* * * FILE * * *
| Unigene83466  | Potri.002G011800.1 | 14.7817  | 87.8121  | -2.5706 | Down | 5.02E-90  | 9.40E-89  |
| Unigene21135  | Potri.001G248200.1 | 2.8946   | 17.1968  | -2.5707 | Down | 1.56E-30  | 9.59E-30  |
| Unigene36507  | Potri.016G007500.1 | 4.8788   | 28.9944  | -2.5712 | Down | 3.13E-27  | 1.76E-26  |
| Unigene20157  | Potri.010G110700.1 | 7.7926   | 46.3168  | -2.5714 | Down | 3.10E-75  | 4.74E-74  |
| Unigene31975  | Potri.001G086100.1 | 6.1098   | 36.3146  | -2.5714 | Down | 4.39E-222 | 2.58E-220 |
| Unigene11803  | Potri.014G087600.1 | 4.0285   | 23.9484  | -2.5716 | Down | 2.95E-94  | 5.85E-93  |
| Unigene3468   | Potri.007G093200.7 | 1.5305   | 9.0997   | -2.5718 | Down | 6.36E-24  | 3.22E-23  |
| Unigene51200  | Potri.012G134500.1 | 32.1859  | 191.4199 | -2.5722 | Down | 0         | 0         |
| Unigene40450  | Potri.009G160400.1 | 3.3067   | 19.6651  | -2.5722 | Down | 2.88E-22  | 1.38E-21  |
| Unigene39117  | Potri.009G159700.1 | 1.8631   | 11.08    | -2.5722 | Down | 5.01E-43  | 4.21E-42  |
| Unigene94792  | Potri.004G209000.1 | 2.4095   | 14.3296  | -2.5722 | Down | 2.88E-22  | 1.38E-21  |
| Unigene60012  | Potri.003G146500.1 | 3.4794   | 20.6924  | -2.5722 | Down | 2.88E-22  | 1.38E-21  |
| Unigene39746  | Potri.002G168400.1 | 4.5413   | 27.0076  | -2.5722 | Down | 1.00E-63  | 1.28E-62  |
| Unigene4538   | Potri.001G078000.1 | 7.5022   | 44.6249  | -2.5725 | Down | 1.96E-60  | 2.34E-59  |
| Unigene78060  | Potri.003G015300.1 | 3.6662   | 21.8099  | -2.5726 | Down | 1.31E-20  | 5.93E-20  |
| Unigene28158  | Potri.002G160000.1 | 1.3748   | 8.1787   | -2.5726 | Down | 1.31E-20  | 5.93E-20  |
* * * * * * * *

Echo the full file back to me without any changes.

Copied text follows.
| Unigene83466  | Potri.002G011800.1 | 14.7817  | 87.8121  | -2.5706 | Down | 5.02E-90  | 9.40E-89  |
| Unigene21135  | Potri.001G248200.1 | 2.8946   | 17.1968  | -2.5707 | Down | 1.56E-30  | 9.59E-30  |
| Unigene36507  | Potri.016G007500.1 | 4.8788   | 28.9944  | -2.5712 | Down | 3.13E-27  | 1.76E-26  |
| Unigene20157  | Potri.010G110700.1 | 7.7926   | 46.3168  | -2.5714 | Down | 3.10E-75  | 4.74E-74  |
| Unigene31975  | Potri.001G086100.1 | 6.1098   | 36.3146  | -2.5714 | Down | 4.39E-222 | 2.58E-220 |
| Unigene11803  | Potri.014G087600.1 | 4.0285   | 23.9484  | -2.5716 | Down | 2.95E-94  | 5.85E-93  |
| Unigene3468   | Potri.007G093200.7 | 1.5305   | 9.0997   | -2.5718 | Down | 6.36E-24  | 3.22E-23  |
| Unigene51200  | Potri.012G134500.1 | 32.1859  | 191.4199 | -2.5722 | Down | 0         | 0         |
| Unigene40450  | Potri.009G160400.1 | 3.3067   | 19.6651  | -2.5722 | Down | 2.88E-22  | 1.38E-21  |
| Unigene39117  | Potri.009G159700.1 | 1.8631   | 11.08    | -2.5722 | Down | 5.01E-43  | 4.21E-42  |
| Unigene94792  | Potri.004G209000.1 | 2.4095   | 14.3296  | -2.5722 | Down | 2.88E-22  | 1.38E-21  |
| Unigene60012  | Potri.003G146500.1 | 3.4794   | 20.6924  | -2.5722 | Down | 2.88E-22  | 1.38E-21  |
| Unigene39746  | Potri.002G168400.1 | 4.5413   | 27.0076  | -2.5722 | Down | 1.00E-63  | 1.28E-62  |
| Unigene4538   | Potri.001G078000.1 | 7.5022   | 44.6249  | -2.5725 | Down | 1.96E-60  | 2.34E-59  |
| Unigene78060  | Potri.003G015300.1 | 3.6662   | 21.8099  | -2.5726 | Down | 1.31E-20  | 5.93E-20  |
| Unigene28158  | Potri.002G160000.1 | 1.3748   | 8.1787   | -2.5726 | Down | 1.31E-20  | 5.93E-20  |